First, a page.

Right to Information, or the Right to Truth
Integral to the truth and reconciliation philosophy is the notion of the right to information, or the right to the truth. Although not explicitly recognised in any of the major human rights declarations or treaties, the right to truth has been interpreted by activists and UN bodies as an essential element of the right to freedom of information as protected under Article(s) 19 of the UDHR and ICCPR. In 1993 the Special Rapporteur on Freedom of Opinion and Expression stated that Article 19 of the ICCPR imposes ‘a positive obligation on states to ensure access to information, particularly with regard to information held by government in all types of storage and retrieval systems’ (CHRI 2007: 31). The right has particular pertinence with regard to transitional justice, and the Human Rights Council have explicitly outlined a right to know the truth a nation’s violent history. A 2009 HRC document states that following ‘a period characterized by widespread or systematic human rights abuses [...] a person has a right to know the truth about what happened to him/her and that society as a whole has both a right to know and a responsibility to remember’ (Office of the High Commissioner for Human Rights 2009: 3). The right to information in a democratic society is portrayed as a doorway right, in that it enables the public to engage with official policy-making and participate in an open discussion about the protection of other rights and freedoms.
Global human rights jurisprudence has also contributed to a general acceptance of a right to truth within the international community. For example, in the 2012 Inter-American Court of Human Rights case Gudiel Alvarez et al. (Diario Militar) v. Guatemala, the court judged that the forced disappearances of 26 people during 1983-1985, and the Government’s subsequent failure to investigate, constituted a violation of the right to truth. Likewise, in the 2012 European Court of Human Rights case El-Masri v. The Former Yugoslav Republic of Macedonia, Macedonia’s inadequate investigation into the torture of a national in the United States was judged to have negatively impacted the public’s right to truth.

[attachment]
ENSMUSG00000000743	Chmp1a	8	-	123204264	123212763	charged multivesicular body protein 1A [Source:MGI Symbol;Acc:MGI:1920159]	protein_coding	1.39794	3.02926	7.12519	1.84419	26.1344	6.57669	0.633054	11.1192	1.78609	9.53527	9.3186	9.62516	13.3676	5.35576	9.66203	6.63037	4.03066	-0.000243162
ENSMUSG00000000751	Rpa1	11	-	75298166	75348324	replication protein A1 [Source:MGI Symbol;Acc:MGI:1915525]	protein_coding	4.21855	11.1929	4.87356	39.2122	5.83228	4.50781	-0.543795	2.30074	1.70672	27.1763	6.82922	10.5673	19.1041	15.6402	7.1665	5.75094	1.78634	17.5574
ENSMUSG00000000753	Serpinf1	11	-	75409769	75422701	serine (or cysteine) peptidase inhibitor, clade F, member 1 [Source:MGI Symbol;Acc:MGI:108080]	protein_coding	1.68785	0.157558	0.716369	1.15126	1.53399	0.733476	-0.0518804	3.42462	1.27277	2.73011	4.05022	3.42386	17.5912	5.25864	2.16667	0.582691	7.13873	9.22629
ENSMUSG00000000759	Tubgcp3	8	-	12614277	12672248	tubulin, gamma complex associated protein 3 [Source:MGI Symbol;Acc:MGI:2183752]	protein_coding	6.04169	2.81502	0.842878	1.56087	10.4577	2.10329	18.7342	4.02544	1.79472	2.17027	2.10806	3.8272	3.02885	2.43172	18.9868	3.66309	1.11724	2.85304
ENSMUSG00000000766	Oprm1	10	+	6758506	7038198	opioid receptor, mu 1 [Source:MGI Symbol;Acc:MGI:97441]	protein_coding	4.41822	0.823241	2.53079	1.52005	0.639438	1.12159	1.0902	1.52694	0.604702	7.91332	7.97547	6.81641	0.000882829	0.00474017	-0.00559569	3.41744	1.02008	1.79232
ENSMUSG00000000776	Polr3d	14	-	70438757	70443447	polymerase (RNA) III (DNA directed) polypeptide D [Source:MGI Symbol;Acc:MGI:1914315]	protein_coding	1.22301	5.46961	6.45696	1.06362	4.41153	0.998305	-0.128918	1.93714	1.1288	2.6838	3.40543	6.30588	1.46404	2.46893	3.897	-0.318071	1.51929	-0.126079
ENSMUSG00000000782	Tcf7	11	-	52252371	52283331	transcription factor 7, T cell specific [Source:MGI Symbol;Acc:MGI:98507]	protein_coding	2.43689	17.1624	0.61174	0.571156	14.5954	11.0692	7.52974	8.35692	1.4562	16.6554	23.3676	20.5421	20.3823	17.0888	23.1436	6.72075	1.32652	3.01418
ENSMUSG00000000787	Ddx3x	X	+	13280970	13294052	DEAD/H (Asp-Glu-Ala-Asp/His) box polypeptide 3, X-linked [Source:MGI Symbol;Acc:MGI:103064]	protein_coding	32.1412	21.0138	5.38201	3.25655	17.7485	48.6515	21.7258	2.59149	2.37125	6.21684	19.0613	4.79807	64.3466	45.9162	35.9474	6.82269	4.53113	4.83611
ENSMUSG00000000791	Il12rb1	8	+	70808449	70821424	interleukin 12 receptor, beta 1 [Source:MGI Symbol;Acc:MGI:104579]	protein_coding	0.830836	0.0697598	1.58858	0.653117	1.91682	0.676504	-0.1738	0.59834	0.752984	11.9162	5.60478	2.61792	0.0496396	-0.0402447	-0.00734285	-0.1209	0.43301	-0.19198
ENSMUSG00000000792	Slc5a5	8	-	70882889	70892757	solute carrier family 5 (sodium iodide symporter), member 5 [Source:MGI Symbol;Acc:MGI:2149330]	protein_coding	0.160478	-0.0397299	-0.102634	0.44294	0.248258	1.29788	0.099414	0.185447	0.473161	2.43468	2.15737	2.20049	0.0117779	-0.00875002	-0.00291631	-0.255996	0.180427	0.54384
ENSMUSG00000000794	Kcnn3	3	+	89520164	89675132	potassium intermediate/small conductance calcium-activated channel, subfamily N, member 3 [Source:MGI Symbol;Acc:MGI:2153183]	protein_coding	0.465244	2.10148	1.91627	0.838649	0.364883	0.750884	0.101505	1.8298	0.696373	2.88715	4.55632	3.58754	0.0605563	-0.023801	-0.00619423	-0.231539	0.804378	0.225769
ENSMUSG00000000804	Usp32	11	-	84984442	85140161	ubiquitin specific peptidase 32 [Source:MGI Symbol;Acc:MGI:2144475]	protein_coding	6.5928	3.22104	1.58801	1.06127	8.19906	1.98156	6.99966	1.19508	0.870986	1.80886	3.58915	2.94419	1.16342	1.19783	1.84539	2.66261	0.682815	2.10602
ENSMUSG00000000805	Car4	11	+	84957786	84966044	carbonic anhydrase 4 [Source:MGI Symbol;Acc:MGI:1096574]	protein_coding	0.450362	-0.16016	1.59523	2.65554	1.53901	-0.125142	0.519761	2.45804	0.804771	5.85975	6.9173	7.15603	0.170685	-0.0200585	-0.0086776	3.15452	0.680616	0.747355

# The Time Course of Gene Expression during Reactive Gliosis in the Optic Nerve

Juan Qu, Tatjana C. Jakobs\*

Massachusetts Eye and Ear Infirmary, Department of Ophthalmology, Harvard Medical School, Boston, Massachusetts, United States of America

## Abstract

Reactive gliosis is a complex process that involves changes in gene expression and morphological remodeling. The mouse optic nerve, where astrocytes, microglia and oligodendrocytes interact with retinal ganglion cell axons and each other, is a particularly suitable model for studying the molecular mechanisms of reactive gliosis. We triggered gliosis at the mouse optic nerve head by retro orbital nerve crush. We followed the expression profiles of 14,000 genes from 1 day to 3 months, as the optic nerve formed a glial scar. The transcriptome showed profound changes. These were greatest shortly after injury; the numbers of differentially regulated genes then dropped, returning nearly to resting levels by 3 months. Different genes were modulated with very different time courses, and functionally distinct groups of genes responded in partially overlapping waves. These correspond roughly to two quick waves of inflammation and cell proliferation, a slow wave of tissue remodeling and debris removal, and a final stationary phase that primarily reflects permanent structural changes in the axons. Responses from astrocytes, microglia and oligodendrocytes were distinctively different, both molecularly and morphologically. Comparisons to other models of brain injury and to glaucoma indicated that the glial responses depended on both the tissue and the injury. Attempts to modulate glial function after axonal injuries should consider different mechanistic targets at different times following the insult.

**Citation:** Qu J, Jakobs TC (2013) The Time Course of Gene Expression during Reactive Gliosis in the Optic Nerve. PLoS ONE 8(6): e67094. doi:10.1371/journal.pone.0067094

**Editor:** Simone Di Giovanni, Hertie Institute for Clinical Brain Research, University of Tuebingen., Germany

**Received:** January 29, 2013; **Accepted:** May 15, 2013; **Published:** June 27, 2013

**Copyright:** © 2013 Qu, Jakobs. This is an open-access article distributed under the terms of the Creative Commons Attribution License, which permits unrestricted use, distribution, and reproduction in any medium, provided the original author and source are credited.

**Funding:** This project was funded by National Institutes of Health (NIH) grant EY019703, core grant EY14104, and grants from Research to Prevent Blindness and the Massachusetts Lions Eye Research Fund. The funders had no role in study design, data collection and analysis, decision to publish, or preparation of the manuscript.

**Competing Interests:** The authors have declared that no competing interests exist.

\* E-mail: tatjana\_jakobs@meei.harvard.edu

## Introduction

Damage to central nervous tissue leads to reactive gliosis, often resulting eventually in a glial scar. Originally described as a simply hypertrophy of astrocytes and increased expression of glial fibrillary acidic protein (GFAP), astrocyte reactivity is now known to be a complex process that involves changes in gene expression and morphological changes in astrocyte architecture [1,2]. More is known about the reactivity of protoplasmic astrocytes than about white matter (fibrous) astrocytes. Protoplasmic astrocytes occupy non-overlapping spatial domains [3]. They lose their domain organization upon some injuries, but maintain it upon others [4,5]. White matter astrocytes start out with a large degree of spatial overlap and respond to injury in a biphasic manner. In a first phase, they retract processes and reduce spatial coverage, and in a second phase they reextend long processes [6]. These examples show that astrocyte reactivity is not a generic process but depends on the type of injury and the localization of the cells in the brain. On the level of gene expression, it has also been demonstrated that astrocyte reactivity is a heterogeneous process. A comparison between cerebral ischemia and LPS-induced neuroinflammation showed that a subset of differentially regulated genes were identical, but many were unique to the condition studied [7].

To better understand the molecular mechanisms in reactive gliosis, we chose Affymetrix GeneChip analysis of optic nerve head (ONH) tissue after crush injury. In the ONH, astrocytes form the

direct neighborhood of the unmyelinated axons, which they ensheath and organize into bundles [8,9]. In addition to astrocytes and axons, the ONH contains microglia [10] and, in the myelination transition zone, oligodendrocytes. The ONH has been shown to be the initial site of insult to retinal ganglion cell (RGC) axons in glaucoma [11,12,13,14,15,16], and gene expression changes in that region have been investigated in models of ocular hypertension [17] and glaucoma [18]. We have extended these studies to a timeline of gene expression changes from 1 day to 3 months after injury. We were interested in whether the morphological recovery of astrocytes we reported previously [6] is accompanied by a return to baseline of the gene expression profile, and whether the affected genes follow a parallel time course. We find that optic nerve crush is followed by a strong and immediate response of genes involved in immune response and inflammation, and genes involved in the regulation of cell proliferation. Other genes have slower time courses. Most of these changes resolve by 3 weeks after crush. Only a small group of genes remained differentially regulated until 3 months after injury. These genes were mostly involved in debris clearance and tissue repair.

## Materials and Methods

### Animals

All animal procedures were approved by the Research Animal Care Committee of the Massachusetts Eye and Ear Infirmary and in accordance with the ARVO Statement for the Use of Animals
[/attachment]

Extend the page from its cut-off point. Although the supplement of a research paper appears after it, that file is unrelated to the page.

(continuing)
Olsen et al. have argued that truth commissions not only seek to uncover the truth about past abuses but, in doing so, claim to improve the future human rights situation in a country. “Such a goal”, they write, “is integral to truth commissions’ existence. The very process of uncovering the violent past aims to prevent its recurrence. The words ‘never again’, have become so integral to truth commissions” (2010: 458). But how might truth commissions achieve such a goal? Kim and Sikkink suggest that truth commissions achieve this outcome through normalising a human rights culture (Kim and Sikkink 2010). One could argue that truth commissions and their staff function as Merry’s ‘translators,’ bridging the gap between international and local vernaculars—they ‘legitimize the culture, beliefs and values associated with human rights as the new framework for imagining social relations’ (Gairdner 1999: 54).
I would like to suggest that truth commissions’ human rights benefits fall under two key categories—those that emanate from the final published report and its recommendations, and those connected with the process of truth telling and its proposed therapeutic benefits to victims of rights abuses. The first is linked to the right to truth as outlined above, as well as the series of human rights recommendations usually included within a TRC report. These might include budgeting towards improved service delivery such as health and education, infrastructure, or a list of international human rights treaties for the government to consider ratifying (see Solomon Island TRC Final Report 2012, Volume 3: 747)